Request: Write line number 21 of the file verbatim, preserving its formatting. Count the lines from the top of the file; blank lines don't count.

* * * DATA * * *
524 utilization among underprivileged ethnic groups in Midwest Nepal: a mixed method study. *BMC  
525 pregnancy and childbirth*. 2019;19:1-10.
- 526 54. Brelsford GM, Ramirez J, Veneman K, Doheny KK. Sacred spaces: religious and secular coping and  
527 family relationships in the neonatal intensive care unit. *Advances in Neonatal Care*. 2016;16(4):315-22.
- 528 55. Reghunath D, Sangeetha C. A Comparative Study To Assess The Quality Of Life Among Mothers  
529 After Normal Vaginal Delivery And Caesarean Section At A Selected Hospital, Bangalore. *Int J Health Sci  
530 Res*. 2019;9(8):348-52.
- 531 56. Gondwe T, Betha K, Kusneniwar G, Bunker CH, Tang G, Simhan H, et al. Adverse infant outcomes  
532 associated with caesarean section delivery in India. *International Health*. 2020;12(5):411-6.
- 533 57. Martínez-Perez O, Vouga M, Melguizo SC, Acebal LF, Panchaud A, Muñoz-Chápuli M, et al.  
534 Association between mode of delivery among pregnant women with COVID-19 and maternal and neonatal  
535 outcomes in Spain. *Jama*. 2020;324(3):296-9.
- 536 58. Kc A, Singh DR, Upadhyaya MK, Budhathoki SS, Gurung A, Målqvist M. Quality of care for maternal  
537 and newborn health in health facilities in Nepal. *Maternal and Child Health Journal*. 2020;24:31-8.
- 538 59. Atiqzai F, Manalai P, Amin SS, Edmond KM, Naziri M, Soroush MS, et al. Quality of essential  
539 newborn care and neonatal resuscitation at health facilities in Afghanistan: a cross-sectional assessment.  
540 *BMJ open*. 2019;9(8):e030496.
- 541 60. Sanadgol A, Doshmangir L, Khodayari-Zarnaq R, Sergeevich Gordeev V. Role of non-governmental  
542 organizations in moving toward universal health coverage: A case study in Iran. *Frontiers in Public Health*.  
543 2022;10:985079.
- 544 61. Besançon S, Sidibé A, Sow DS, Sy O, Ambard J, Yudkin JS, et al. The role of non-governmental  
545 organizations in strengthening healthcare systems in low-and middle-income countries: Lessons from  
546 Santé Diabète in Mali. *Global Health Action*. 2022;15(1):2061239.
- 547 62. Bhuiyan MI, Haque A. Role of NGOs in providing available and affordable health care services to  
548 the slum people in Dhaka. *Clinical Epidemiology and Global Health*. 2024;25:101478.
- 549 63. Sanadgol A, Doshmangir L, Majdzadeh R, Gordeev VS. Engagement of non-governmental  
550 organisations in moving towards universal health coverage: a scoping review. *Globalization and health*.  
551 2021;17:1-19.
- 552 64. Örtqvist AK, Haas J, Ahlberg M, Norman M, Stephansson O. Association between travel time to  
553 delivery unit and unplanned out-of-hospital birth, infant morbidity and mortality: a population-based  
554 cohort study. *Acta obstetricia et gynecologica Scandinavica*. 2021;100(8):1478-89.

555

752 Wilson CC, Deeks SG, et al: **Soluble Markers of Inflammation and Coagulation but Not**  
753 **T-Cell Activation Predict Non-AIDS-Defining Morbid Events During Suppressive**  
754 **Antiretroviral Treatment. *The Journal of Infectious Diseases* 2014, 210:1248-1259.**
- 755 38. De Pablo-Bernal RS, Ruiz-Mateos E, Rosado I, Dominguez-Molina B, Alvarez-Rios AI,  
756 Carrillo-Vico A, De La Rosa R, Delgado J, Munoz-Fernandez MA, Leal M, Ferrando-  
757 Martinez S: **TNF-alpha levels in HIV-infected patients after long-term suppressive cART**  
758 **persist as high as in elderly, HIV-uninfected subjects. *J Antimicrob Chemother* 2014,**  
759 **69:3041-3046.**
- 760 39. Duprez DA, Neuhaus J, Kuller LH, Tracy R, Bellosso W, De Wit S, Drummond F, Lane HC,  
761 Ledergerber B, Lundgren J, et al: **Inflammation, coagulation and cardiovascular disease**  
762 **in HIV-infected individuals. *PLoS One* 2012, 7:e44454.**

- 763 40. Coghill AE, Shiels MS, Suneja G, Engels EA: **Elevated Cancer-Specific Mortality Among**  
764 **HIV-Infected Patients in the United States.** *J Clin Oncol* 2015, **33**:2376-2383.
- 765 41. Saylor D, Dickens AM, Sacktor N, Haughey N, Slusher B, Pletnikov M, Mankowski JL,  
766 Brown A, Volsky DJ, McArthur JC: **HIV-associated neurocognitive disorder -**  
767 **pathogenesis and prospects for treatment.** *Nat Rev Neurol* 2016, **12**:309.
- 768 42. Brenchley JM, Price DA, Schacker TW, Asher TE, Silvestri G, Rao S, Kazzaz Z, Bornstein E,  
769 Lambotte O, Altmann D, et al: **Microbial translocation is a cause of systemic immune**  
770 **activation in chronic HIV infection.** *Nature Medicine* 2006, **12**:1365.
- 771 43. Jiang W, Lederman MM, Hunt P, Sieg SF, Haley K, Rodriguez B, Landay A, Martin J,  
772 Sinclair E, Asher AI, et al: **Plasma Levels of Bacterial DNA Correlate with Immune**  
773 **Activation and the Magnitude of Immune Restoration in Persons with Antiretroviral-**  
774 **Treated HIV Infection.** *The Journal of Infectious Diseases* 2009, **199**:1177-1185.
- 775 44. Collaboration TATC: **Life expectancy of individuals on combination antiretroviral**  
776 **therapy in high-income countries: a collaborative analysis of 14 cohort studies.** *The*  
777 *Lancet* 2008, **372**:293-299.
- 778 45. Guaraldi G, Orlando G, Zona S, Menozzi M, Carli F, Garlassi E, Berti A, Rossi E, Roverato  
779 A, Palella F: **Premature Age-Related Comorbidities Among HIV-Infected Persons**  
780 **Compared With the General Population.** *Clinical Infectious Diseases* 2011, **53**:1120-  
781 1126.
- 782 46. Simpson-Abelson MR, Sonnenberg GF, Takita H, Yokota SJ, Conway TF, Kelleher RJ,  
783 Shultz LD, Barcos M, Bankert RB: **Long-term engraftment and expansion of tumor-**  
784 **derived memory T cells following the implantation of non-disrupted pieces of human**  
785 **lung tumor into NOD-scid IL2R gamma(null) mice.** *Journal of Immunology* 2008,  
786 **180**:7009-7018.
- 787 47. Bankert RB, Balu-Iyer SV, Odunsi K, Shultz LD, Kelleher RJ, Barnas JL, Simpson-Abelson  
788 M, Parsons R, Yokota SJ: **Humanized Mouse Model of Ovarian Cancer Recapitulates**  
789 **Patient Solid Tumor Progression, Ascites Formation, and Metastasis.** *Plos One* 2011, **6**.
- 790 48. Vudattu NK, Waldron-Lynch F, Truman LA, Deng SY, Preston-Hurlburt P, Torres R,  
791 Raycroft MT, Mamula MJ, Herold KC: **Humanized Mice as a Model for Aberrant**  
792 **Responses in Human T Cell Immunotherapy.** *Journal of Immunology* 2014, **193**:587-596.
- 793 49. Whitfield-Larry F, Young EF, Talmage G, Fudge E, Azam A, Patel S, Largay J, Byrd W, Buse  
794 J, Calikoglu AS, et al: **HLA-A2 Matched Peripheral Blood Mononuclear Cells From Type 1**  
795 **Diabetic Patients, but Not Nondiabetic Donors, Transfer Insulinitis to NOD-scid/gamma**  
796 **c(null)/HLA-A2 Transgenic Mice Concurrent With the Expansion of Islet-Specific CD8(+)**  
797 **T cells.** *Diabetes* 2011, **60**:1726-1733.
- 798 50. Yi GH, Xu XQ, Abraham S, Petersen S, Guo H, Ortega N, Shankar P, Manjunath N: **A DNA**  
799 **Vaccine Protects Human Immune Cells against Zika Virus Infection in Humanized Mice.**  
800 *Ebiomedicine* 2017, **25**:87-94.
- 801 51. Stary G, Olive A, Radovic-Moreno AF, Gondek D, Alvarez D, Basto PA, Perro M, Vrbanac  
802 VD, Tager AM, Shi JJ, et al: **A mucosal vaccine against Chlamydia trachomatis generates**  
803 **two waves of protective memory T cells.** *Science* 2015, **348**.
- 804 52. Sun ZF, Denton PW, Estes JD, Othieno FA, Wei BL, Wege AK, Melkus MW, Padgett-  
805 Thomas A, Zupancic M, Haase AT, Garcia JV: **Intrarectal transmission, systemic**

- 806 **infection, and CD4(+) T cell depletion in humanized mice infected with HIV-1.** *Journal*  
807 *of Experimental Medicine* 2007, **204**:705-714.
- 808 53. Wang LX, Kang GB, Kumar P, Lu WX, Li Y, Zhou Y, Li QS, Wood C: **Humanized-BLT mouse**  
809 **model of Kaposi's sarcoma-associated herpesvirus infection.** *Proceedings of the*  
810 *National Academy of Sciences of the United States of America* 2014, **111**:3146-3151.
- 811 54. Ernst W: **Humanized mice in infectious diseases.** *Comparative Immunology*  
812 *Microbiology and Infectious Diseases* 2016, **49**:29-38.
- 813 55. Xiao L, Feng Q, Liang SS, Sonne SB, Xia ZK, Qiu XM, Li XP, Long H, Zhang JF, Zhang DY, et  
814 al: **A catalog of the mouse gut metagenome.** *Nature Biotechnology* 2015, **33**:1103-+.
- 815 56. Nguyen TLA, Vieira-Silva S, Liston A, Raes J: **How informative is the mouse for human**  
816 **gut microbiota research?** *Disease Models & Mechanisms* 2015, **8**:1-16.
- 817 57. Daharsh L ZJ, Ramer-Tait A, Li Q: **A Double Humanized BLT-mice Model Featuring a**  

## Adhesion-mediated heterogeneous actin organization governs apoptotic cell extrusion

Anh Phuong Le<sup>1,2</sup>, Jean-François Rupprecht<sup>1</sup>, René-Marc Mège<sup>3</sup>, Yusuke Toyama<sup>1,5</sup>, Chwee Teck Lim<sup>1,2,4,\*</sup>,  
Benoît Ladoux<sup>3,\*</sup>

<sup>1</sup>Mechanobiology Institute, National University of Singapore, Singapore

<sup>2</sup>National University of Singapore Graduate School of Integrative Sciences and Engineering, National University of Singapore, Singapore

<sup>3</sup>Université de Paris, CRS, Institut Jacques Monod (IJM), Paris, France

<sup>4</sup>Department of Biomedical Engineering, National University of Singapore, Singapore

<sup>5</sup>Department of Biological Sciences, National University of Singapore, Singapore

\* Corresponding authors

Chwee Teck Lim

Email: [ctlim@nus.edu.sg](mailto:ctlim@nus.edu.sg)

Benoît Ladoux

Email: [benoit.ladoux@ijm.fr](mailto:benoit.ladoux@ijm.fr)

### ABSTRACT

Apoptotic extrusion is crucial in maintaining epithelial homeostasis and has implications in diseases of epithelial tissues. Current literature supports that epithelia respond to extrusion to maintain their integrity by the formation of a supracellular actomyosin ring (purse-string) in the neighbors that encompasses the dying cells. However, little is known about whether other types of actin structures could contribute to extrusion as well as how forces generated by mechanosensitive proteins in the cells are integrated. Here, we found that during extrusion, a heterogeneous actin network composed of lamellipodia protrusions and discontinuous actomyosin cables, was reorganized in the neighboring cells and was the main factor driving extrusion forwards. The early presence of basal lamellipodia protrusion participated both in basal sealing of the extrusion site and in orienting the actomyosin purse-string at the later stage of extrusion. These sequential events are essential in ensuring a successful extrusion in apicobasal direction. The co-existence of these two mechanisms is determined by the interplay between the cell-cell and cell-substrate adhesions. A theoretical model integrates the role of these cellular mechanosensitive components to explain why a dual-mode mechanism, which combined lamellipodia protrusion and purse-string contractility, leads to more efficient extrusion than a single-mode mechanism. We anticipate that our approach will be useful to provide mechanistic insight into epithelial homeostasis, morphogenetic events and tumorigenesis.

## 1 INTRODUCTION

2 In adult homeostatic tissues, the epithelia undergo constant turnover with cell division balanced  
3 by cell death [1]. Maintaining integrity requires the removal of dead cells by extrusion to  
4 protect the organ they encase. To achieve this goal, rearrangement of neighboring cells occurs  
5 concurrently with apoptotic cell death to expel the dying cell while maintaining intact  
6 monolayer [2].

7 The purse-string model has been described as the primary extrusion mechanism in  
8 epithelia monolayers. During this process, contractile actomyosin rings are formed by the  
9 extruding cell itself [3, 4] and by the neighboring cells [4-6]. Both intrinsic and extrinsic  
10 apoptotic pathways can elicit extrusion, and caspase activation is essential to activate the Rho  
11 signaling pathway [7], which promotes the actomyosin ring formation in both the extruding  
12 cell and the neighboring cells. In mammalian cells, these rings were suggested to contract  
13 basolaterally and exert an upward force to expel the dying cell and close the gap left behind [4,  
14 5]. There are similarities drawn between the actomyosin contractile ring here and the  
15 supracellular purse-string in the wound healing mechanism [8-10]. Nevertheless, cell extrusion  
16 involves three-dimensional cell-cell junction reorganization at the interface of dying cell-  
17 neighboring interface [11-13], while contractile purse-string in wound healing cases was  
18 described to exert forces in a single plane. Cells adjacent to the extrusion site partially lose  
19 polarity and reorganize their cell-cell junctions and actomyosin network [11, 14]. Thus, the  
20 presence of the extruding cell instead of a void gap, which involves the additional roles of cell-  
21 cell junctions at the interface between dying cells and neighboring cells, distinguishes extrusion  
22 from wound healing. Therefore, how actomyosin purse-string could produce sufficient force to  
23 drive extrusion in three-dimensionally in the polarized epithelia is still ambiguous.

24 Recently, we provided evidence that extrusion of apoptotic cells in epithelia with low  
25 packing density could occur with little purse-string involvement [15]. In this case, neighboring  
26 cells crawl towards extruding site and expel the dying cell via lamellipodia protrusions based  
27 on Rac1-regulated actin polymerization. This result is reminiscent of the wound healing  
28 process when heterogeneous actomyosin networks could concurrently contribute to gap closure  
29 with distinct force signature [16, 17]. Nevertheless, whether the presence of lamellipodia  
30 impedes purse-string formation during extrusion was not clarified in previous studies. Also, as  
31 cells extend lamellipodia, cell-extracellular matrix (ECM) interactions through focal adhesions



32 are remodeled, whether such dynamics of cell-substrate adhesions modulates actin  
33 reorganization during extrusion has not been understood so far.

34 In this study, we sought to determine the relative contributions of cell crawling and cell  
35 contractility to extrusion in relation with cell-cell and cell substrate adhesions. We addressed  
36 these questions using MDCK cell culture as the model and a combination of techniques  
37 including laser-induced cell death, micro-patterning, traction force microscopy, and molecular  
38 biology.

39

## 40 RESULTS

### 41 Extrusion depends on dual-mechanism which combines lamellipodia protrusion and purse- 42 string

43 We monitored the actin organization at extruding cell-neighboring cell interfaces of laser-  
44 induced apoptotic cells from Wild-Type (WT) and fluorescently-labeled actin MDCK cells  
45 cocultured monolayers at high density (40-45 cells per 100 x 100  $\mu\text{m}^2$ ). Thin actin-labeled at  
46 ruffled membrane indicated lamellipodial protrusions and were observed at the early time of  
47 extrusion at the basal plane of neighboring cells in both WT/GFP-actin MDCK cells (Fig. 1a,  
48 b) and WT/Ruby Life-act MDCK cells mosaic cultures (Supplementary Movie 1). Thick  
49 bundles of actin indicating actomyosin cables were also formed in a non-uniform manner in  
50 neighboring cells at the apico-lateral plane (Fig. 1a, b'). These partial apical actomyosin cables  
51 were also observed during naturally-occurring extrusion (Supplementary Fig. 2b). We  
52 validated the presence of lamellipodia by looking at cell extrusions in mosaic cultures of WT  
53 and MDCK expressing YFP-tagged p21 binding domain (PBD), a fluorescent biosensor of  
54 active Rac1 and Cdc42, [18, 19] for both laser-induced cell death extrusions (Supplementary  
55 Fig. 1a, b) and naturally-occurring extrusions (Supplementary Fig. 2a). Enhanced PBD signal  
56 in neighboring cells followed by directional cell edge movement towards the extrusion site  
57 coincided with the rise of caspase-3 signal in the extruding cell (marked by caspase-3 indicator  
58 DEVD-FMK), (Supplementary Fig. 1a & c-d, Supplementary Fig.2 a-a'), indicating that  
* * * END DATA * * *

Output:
- 544 61. Besançon S, Sidibé A, Sow DS, Sy O, Ambard J, Yudkin JS, et al. The role of non-governmental  